Conversation starts at the task level

Finally, let’s look at what opportunities are there at the task level. The user has identified his goals and made a plan. He starts to solve the tasks in the plan but reaches out for help. What could the chatbot do? The chatbot could simply answer the question or the request.

User >> Could you give me a number I can call to troubleshoot my laptop?

Chatbot >> Sure. Here is the number to call for all your troubleshooting problems — 0800 XXX YYY

Alternatively, it could go up the thought pipeline and explore the user’s plans, goals, and beliefs.

User >> Could you give me a number I can call to troubleshoot my laptop?

Chatbot >> Sure. I can help you with that. But would you mind telling me what the problem is?

User >> Sure. I think my laptop is not working.

Chatbot >> I can help you troubleshoot that myself. Would you like to give it a go?

At any point, the chatbot could decide whether to go down towards tasks and solutions or up towards better understanding the symptoms and beliefs and this decision is really based on the chatbot’s own goals. For instance, a climate-change aware chatbot would prefer to steer the conversation towards repair and recycling where as a sales chatbot would steer the conversations towards new deals and sales opportunities.

Having the capability to identify not just the user’s problem but also where in the thought pipeline they are can help the chatbot steer in a more optimal way through the conversation graph.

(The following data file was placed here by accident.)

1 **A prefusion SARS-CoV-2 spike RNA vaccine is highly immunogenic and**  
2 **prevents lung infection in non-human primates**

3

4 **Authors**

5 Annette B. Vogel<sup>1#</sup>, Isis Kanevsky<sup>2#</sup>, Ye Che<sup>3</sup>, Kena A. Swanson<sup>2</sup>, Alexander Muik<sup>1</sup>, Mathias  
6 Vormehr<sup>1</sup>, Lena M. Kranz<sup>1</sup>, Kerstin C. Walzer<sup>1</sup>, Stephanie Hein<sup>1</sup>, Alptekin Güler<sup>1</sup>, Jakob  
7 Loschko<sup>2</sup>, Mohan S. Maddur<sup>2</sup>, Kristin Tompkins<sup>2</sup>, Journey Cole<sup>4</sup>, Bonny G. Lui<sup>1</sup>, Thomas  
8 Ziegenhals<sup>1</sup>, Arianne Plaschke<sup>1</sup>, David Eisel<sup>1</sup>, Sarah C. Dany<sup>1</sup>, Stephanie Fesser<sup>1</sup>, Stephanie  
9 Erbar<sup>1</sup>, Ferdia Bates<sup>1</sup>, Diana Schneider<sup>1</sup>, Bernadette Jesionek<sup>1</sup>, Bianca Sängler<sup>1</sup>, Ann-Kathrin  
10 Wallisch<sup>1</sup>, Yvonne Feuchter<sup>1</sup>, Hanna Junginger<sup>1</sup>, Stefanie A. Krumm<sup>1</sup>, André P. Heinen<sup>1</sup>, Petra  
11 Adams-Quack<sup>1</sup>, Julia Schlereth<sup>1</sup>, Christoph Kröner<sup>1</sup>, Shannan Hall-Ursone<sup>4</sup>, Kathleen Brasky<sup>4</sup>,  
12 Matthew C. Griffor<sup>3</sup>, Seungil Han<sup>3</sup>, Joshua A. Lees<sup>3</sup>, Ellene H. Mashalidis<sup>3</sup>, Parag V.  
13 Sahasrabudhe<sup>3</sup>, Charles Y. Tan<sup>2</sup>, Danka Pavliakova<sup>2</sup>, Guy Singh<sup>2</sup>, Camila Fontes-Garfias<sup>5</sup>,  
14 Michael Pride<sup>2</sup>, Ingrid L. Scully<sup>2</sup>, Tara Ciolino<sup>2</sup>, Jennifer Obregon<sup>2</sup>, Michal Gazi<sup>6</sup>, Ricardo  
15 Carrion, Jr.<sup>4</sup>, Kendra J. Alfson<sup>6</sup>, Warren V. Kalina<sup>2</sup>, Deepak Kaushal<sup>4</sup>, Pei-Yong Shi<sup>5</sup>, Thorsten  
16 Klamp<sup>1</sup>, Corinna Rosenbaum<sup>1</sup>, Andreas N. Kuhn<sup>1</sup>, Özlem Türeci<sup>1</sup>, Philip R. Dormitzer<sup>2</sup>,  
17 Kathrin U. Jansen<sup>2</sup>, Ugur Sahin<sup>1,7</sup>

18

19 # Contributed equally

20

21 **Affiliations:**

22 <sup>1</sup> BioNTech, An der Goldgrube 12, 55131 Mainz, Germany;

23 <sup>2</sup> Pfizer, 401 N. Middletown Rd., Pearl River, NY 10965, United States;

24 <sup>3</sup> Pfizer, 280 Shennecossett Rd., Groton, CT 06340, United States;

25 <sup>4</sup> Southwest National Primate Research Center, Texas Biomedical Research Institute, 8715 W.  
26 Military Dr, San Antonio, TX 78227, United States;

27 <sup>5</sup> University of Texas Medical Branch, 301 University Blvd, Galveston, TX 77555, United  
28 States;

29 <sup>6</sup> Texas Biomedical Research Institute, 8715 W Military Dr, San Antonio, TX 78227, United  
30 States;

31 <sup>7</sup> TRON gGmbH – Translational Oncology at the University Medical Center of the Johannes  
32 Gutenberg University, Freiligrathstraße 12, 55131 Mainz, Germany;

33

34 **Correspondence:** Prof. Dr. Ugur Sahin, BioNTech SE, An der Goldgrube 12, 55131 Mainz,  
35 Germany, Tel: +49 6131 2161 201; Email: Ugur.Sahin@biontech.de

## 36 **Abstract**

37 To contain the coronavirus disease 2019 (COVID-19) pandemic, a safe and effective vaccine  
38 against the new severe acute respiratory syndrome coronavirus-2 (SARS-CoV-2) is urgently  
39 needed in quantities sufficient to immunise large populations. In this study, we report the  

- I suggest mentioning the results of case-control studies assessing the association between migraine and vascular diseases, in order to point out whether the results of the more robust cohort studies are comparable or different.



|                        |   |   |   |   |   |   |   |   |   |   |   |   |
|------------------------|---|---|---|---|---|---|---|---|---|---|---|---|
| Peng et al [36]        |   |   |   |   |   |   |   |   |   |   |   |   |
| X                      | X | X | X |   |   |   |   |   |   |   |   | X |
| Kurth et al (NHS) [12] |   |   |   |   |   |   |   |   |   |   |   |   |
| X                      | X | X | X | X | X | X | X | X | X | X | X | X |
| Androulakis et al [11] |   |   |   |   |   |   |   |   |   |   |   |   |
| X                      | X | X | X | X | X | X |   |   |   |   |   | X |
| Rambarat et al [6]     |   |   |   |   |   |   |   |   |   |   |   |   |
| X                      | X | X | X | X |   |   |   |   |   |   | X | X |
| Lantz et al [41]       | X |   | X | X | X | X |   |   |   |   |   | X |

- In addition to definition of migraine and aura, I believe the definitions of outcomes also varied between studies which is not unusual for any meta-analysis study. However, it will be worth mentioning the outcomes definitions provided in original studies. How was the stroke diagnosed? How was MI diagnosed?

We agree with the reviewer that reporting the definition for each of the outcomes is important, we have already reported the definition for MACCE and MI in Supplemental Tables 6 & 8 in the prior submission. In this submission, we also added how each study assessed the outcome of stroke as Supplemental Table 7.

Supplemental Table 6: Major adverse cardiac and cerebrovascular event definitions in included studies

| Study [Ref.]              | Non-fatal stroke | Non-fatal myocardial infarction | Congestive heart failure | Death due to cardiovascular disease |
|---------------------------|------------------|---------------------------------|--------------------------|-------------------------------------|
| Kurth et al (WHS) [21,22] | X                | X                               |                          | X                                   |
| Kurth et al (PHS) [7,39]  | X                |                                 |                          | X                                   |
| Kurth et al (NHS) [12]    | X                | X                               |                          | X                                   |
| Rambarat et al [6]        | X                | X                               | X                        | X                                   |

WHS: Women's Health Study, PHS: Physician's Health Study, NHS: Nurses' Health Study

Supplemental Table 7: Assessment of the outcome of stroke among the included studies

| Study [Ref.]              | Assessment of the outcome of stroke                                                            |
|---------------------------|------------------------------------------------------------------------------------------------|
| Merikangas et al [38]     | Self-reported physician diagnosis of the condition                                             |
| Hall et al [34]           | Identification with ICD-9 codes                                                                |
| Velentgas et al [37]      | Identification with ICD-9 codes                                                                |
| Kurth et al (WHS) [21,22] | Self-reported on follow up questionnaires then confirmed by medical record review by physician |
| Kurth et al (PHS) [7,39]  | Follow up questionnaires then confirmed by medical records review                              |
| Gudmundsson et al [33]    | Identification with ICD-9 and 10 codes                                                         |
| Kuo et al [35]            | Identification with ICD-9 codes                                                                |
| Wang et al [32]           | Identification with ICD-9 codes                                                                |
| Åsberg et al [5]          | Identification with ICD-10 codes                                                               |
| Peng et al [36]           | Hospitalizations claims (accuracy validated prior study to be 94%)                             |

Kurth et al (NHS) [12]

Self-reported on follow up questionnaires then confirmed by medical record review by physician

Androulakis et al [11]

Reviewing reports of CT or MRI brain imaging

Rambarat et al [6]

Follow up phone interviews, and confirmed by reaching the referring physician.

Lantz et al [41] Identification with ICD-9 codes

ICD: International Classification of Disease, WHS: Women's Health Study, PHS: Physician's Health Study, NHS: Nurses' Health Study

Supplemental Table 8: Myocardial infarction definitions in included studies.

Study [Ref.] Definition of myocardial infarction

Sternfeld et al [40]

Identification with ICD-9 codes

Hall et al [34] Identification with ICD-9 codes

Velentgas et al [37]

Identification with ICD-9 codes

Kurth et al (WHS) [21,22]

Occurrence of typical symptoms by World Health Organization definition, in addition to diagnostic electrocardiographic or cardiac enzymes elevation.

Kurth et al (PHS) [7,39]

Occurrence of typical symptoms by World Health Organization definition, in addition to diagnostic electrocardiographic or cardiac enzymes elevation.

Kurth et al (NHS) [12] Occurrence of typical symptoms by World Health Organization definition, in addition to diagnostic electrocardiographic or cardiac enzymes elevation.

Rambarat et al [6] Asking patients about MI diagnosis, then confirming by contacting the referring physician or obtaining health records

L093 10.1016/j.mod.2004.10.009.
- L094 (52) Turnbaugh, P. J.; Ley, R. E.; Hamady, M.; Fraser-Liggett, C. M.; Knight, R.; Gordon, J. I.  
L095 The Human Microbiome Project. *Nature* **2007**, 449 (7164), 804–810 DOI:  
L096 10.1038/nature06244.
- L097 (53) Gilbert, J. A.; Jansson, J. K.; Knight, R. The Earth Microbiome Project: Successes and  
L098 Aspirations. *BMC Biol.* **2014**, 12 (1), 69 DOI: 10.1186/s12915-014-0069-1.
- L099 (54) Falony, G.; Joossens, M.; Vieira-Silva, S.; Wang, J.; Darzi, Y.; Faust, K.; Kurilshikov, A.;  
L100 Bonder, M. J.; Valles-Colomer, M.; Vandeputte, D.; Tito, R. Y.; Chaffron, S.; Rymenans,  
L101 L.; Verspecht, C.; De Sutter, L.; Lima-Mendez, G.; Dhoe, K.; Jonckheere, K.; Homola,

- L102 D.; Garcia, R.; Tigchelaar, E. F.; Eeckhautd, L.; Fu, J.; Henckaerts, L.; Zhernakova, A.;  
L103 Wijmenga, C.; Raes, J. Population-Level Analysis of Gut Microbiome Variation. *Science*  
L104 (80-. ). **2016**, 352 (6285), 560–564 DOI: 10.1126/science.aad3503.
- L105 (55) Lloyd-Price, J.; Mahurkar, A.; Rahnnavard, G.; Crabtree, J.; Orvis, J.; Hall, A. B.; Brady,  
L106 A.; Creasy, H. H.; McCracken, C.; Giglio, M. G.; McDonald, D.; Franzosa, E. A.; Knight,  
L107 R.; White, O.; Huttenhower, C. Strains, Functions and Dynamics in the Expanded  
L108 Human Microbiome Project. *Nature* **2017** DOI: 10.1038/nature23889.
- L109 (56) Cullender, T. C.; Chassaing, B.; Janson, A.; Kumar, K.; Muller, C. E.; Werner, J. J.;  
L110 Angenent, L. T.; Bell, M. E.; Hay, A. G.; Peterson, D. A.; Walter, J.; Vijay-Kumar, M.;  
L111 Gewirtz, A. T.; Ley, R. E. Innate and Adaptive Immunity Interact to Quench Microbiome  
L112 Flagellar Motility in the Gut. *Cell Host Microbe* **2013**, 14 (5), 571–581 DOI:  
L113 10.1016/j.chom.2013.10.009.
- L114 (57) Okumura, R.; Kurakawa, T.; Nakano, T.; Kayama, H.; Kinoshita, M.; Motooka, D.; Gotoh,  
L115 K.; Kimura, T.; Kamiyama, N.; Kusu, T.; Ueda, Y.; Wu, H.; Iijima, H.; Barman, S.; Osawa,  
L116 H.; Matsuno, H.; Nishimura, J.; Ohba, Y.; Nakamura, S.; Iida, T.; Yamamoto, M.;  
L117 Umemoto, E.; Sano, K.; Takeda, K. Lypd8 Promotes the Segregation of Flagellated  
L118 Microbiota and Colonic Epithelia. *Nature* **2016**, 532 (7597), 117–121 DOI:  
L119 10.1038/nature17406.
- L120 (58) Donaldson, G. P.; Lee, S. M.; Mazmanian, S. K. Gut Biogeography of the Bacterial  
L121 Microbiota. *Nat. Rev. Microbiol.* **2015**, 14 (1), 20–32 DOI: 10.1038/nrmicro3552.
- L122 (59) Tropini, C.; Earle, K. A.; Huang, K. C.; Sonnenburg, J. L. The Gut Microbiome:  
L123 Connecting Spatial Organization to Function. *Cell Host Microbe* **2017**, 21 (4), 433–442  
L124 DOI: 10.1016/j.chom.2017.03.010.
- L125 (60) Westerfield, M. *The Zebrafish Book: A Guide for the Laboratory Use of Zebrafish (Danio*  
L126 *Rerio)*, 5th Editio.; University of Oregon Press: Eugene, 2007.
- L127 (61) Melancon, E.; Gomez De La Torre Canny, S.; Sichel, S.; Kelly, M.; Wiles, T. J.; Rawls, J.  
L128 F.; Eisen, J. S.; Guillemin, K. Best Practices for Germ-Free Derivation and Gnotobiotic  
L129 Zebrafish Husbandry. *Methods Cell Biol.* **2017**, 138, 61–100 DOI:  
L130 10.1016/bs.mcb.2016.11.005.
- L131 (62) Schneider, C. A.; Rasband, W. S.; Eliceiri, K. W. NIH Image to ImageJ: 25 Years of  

This approach is not restricted to troubleshooting conversations but can extend to other types of task based conversations too. So instead of bunching up all direct and indirect requests to solve a problem together in a single intent, we need to start building the capability to get a nuanced understanding of the user’s current location in their journey towards solving the problem they have — perhaps by building one model to identify the problem and other to identify the phase. For instance, when the user says, ‘When I start my laptop.. I can’t see anything on my screen and can’t hear anything either’, it could be classified as —issue=laptop_malfunction, phase=report_symptom.

So, in summary, by identifying the nuanced phases in the thought pipeline from the user’s utterance, we could provide rich opportunities for chatbots to steer conversations in interesting directions and create engaging, memorable and desirable conversational experiences.

Chatbots, Conversational User Interfaces, Artificial Intelligence and Natural Language Processing Expert. Book author — Hands On Chatbots and Conversational UI.